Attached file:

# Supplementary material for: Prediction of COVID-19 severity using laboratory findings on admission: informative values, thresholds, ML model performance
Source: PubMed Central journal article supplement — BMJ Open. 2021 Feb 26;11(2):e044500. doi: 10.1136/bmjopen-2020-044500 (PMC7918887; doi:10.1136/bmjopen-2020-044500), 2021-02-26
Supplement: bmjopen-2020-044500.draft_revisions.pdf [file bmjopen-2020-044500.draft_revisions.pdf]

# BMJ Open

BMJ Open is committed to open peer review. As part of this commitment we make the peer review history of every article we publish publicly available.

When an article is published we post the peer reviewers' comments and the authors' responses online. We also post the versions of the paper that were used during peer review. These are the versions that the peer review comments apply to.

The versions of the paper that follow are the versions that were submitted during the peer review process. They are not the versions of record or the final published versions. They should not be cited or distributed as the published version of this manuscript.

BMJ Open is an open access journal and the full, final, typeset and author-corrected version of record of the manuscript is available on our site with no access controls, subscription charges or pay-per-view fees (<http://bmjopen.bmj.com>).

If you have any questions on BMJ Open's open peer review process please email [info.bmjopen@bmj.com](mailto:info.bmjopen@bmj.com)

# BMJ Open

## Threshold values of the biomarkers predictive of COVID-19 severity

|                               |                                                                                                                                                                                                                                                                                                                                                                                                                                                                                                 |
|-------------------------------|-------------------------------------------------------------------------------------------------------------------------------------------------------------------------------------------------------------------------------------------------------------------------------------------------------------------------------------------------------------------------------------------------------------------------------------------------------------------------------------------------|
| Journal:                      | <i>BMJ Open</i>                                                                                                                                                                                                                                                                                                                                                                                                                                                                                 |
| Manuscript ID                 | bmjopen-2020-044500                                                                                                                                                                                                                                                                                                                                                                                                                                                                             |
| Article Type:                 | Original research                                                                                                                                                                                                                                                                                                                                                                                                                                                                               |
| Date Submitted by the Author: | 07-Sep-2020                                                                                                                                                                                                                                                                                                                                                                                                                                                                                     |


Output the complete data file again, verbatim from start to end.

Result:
# Supplementary material for: Prediction of COVID-19 severity using laboratory findings on admission: informative values, thresholds, ML model performance
Source: PubMed Central journal article supplement — BMJ Open. 2021 Feb 26;11(2):e044500. doi: 10.1136/bmjopen-2020-044500 (PMC7918887; doi:10.1136/bmjopen-2020-044500), 2021-02-26
Supplement: bmjopen-2020-044500.draft_revisions.pdf [file bmjopen-2020-044500.draft_revisions.pdf]

# BMJ Open

BMJ Open is committed to open peer review. As part of this commitment we make the peer review history of every article we publish publicly available.

When an article is published we post the peer reviewers' comments and the authors' responses online. We also post the versions of the paper that were used during peer review. These are the versions that the peer review comments apply to.

The versions of the paper that follow are the versions that were submitted during the peer review process. They are not the versions of record or the final published versions. They should not be cited or distributed as the published version of this manuscript.

BMJ Open is an open access journal and the full, final, typeset and author-corrected version of record of the manuscript is available on our site with no access controls, subscription charges or pay-per-view fees (<http://bmjopen.bmj.com>).

If you have any questions on BMJ Open's open peer review process please email [info.bmjopen@bmj.com](mailto:info.bmjopen@bmj.com)

# BMJ Open

## Threshold values of the biomarkers predictive of COVID-19 severity

|                               |                                                                                                                                                                                                                                                                                                                                                                                                                                                                                                 |
|-------------------------------|-------------------------------------------------------------------------------------------------------------------------------------------------------------------------------------------------------------------------------------------------------------------------------------------------------------------------------------------------------------------------------------------------------------------------------------------------------------------------------------------------|
| Journal:                      | <i>BMJ Open</i>                                                                                                                                                                                                                                                                                                                                                                                                                                                                                 |
| Manuscript ID                 | bmjopen-2020-044500                                                                                                                                                                                                                                                                                                                                                                                                                                                                             |
| Article Type:                 | Original research                                                                                                                                                                                                                                                                                                                                                                                                                                                                               |
| Date Submitted by the Author: | 07-Sep-2020                                                                                                                                                                                                                                                                                                                                                                                                                                                                                     |